A chapter titled Grain and Bread looks at an archaeological survey that supposedly pushes Aboriginal occupation of the continent back to 65,000 years ago. Pascoe sets great store by this length of occupation and, in Dark Emu, uses it to buttress his claims of the sophistication of Aboriginal technology and culture, such as the baking of bread. Does it seem counterintuitive to him, I wonder, that he has to delve so far back in the past to prove the sophistication of 19th century aborigines? If they were so advanced back then, why were they so backward when Cook arrived? Pascoe would argue that their technology and culture were sufficient for their needs and suitable for their environment, which would prove only that they were content – not that they were sophisticated.
Other vignettes in the series are more spiritual. There is one about stone tools and another on birds and totems. They are superficial in the extreme. Just to give you a taste, here is the transcript of one entitled Trees and Connection:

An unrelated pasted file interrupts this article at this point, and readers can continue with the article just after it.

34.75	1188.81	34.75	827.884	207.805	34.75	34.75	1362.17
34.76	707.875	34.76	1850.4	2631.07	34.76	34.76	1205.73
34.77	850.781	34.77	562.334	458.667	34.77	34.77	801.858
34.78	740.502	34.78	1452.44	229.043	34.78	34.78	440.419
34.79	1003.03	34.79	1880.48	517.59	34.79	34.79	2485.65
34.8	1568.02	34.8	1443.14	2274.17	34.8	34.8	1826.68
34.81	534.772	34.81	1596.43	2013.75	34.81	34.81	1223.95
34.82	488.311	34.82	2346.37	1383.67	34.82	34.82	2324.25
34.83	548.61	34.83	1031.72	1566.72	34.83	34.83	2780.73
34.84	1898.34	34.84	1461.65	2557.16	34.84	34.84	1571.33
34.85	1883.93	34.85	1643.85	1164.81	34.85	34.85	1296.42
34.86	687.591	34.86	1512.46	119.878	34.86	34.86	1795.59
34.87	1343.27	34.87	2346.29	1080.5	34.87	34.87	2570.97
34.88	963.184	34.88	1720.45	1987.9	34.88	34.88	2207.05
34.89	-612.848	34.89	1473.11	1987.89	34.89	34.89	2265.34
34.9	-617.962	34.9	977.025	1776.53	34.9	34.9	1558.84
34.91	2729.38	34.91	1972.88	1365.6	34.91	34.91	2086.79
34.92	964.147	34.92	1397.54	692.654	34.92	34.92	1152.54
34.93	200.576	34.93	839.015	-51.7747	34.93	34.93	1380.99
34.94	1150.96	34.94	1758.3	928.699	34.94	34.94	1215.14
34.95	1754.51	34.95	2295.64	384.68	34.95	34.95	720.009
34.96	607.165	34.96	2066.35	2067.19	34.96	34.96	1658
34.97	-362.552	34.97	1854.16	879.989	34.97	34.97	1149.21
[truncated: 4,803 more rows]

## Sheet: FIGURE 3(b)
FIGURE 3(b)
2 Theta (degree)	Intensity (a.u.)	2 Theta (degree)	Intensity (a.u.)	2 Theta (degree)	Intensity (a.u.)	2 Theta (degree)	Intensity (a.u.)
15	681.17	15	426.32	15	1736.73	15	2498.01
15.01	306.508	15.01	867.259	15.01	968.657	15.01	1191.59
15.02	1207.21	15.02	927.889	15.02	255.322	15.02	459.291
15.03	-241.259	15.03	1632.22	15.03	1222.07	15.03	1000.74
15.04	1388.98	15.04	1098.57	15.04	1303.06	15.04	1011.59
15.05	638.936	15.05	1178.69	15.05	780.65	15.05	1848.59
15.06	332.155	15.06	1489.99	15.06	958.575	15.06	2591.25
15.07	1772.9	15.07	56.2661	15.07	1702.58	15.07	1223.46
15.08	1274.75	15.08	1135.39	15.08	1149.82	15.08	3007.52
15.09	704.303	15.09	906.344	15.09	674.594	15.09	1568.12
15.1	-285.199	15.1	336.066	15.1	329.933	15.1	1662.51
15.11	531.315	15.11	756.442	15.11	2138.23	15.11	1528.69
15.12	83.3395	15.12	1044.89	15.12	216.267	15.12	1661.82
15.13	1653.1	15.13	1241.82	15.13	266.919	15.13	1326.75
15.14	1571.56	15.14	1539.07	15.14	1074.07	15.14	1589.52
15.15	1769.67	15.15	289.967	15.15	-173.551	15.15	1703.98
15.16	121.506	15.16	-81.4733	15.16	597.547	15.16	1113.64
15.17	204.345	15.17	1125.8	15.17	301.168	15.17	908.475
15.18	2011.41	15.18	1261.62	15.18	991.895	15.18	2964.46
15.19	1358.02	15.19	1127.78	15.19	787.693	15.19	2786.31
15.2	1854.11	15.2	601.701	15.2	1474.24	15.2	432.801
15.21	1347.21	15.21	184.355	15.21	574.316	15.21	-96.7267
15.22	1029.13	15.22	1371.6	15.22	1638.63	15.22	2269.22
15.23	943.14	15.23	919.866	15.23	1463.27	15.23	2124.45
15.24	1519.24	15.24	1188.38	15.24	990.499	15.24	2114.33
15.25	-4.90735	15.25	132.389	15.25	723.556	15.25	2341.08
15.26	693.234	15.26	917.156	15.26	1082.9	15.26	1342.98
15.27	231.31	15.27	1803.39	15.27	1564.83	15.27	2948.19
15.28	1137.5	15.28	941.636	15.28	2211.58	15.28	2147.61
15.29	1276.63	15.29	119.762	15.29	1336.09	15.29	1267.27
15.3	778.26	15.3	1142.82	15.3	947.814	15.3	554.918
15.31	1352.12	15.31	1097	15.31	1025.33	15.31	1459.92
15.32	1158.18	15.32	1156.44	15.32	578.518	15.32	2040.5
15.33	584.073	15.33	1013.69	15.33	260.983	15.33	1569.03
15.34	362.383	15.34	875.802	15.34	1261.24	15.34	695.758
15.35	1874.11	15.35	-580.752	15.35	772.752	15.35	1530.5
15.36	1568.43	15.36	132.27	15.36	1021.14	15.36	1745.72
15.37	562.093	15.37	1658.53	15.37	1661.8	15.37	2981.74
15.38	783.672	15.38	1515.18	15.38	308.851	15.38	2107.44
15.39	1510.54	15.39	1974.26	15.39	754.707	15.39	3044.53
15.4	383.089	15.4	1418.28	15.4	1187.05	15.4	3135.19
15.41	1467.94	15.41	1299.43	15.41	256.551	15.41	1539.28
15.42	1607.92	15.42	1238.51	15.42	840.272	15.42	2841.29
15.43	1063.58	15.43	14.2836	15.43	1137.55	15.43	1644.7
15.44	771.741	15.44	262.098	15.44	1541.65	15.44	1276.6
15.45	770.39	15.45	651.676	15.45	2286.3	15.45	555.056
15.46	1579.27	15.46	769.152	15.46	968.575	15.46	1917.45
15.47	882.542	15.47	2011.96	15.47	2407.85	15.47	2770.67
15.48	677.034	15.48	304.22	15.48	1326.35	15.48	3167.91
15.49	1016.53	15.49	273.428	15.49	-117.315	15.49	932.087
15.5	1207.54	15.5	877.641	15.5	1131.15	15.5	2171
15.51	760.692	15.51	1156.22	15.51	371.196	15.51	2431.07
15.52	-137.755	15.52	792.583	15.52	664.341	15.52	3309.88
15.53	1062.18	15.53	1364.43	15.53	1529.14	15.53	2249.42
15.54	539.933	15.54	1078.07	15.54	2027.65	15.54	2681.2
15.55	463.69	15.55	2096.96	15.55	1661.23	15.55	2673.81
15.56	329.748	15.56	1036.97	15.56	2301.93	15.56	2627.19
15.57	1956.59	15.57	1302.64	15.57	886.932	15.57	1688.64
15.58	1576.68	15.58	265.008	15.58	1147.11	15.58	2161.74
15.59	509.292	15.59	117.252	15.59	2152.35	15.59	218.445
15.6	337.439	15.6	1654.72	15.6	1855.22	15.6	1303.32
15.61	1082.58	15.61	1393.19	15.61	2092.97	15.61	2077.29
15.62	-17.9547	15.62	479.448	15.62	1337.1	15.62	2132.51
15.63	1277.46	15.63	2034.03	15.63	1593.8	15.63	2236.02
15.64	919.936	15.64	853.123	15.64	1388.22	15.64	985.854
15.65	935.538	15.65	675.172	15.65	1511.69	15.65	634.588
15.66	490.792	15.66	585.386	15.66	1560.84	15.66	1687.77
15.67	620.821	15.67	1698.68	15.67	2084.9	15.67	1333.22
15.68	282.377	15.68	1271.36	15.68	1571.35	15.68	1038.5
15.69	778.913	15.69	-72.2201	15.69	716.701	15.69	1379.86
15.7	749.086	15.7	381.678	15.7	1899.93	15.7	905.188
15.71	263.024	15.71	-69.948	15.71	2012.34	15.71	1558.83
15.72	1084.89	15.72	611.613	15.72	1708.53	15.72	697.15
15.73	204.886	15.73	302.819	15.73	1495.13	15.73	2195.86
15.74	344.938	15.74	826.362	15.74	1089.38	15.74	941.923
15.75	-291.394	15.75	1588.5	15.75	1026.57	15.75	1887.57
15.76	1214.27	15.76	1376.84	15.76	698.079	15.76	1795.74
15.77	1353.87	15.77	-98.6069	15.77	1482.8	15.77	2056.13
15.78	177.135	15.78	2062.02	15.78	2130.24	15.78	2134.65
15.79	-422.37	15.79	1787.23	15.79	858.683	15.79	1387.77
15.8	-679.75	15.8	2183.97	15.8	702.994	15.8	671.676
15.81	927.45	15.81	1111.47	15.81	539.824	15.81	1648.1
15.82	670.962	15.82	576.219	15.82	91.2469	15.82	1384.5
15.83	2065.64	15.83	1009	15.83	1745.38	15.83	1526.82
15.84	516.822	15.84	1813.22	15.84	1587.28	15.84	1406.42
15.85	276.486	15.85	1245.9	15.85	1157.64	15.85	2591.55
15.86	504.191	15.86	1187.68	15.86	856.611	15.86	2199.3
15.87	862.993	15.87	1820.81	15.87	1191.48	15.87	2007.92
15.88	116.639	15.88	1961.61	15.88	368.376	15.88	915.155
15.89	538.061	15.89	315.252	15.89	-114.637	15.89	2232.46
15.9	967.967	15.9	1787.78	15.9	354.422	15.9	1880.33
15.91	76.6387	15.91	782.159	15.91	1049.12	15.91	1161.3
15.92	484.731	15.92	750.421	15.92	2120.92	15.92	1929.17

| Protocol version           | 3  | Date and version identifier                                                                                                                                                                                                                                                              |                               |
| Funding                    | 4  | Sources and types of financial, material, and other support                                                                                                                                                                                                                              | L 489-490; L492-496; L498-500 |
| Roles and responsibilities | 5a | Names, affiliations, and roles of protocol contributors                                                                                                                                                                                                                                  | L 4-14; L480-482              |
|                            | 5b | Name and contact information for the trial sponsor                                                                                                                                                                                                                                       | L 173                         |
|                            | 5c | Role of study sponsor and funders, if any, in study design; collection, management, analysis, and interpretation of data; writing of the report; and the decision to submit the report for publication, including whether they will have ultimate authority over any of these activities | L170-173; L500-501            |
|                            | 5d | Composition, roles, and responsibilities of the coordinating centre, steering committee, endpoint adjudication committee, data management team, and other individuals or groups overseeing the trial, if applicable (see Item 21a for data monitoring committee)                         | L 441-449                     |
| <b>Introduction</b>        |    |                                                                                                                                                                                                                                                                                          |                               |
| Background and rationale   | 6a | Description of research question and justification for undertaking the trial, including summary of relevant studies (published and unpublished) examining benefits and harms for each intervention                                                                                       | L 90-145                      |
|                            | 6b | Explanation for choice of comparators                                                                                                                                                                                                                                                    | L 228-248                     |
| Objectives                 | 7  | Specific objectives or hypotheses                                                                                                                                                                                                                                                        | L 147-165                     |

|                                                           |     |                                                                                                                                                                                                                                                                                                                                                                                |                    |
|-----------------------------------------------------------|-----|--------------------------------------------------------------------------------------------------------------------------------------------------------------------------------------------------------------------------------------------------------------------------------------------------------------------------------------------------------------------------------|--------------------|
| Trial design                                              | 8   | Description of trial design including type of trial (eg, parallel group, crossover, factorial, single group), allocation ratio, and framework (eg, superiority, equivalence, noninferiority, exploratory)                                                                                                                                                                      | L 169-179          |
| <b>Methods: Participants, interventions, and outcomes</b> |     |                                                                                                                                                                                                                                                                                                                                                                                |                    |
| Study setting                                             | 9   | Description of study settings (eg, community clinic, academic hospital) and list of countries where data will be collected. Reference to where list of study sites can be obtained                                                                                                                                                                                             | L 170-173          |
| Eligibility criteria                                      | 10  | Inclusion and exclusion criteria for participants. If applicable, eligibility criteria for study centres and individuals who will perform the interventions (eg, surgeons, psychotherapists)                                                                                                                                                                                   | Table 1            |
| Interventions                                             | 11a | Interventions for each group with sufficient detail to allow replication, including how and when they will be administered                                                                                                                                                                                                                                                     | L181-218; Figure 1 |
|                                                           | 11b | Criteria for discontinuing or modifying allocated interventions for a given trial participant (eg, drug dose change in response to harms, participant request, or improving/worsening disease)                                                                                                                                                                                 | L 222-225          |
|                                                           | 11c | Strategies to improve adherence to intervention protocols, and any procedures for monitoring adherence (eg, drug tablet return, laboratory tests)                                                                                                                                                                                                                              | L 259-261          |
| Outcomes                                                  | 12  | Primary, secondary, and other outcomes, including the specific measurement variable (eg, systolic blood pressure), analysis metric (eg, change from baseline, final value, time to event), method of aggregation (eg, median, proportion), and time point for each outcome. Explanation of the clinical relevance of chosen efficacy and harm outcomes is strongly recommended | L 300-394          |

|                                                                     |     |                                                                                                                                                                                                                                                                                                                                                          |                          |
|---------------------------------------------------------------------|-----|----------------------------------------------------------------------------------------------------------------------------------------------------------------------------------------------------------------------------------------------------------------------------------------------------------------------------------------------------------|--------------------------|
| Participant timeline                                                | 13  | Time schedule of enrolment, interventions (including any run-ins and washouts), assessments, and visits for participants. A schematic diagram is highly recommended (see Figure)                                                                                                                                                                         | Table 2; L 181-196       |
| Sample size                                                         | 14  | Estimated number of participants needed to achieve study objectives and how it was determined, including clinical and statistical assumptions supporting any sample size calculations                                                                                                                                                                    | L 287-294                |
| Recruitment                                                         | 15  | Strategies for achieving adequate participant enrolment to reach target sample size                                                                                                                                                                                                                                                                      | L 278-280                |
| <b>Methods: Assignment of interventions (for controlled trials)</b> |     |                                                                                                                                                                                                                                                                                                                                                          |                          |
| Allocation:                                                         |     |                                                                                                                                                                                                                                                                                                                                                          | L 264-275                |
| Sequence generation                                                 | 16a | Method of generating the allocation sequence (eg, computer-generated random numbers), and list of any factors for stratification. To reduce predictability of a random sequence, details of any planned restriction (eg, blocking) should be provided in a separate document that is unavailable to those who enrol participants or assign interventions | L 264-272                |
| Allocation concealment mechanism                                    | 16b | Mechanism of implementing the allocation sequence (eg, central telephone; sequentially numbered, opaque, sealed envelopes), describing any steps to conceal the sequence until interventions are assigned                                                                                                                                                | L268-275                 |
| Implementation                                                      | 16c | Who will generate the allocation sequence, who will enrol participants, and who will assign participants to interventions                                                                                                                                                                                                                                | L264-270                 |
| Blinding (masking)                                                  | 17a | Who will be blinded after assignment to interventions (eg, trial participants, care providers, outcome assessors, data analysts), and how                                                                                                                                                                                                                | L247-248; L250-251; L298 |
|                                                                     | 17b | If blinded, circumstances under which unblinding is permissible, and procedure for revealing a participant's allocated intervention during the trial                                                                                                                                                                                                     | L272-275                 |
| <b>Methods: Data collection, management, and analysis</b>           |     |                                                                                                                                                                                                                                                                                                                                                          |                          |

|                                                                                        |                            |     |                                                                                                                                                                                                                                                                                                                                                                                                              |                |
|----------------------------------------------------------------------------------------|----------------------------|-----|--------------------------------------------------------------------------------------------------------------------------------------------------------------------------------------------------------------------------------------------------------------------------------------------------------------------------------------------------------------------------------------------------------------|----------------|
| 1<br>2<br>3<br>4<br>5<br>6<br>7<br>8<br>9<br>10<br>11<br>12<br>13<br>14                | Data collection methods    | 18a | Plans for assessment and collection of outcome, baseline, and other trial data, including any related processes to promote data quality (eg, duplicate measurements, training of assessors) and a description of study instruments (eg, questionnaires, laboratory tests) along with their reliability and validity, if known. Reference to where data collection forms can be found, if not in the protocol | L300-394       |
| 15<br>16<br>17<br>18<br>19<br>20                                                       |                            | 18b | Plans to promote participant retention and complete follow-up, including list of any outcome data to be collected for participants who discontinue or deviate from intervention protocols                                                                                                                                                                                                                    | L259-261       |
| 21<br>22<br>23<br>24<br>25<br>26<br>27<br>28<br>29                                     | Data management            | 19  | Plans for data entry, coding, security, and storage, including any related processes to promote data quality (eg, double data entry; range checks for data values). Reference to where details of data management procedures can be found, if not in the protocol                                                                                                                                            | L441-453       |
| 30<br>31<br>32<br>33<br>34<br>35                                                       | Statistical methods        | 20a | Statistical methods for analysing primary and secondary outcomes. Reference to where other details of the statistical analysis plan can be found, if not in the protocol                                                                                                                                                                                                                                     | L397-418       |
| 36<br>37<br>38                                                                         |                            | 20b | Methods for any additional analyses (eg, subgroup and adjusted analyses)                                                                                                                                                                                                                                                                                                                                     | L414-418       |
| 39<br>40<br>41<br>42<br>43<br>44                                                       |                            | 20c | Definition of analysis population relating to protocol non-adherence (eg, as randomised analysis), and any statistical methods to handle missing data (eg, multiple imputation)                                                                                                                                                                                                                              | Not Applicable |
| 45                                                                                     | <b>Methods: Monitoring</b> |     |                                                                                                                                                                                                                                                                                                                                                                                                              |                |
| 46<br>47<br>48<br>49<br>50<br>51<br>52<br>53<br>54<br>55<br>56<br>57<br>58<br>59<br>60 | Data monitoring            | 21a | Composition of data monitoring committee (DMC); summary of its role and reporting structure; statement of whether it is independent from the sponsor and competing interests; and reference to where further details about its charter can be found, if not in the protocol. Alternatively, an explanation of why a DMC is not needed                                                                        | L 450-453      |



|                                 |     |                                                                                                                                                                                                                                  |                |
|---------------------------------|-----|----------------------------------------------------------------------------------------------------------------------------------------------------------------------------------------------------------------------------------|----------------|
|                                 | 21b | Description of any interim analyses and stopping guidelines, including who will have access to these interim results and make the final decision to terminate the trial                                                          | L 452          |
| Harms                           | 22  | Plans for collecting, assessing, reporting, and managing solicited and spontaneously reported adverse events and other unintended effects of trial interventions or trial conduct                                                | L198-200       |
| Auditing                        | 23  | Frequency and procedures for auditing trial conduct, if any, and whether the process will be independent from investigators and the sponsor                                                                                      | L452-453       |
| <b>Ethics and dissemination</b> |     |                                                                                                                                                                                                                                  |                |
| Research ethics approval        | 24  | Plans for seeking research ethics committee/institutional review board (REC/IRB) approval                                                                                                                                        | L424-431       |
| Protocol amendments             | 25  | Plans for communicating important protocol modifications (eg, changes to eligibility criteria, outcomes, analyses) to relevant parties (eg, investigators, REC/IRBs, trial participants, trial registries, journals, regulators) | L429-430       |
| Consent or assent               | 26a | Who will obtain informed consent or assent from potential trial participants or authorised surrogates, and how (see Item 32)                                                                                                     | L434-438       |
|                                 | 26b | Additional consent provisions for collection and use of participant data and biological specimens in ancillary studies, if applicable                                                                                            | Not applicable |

This is a grey box. This is one of the hardest timbers in Australia and a long time go someone cut a shield or coolamon off here and the tree will start to repair ‘cause it doesn’t kill the tree. Our old people would be careful about not killing the tree but using the tree or asking the tree if it was OK to take a piece of bark. But this was done a long time ago ‘cause you can see the tree is trying to grow back over it. But they didn’t just do it over here. They did it twice … This old grey box is still going.
This tree had company last night. A wombat came by. I love to see that around here.
I don’t think this hill would have looked much different at all. They’ve always been here, these trees and the old people would have been very conscious that this is family here and that tree is as much a part of the family as the little baby sitting in the coolamon by the fire, y’know.
We believe the country is our mother. So if the country is our mother and she is old we have to look after her. She doesn’t have to look after us. It is our responsibility to look after her.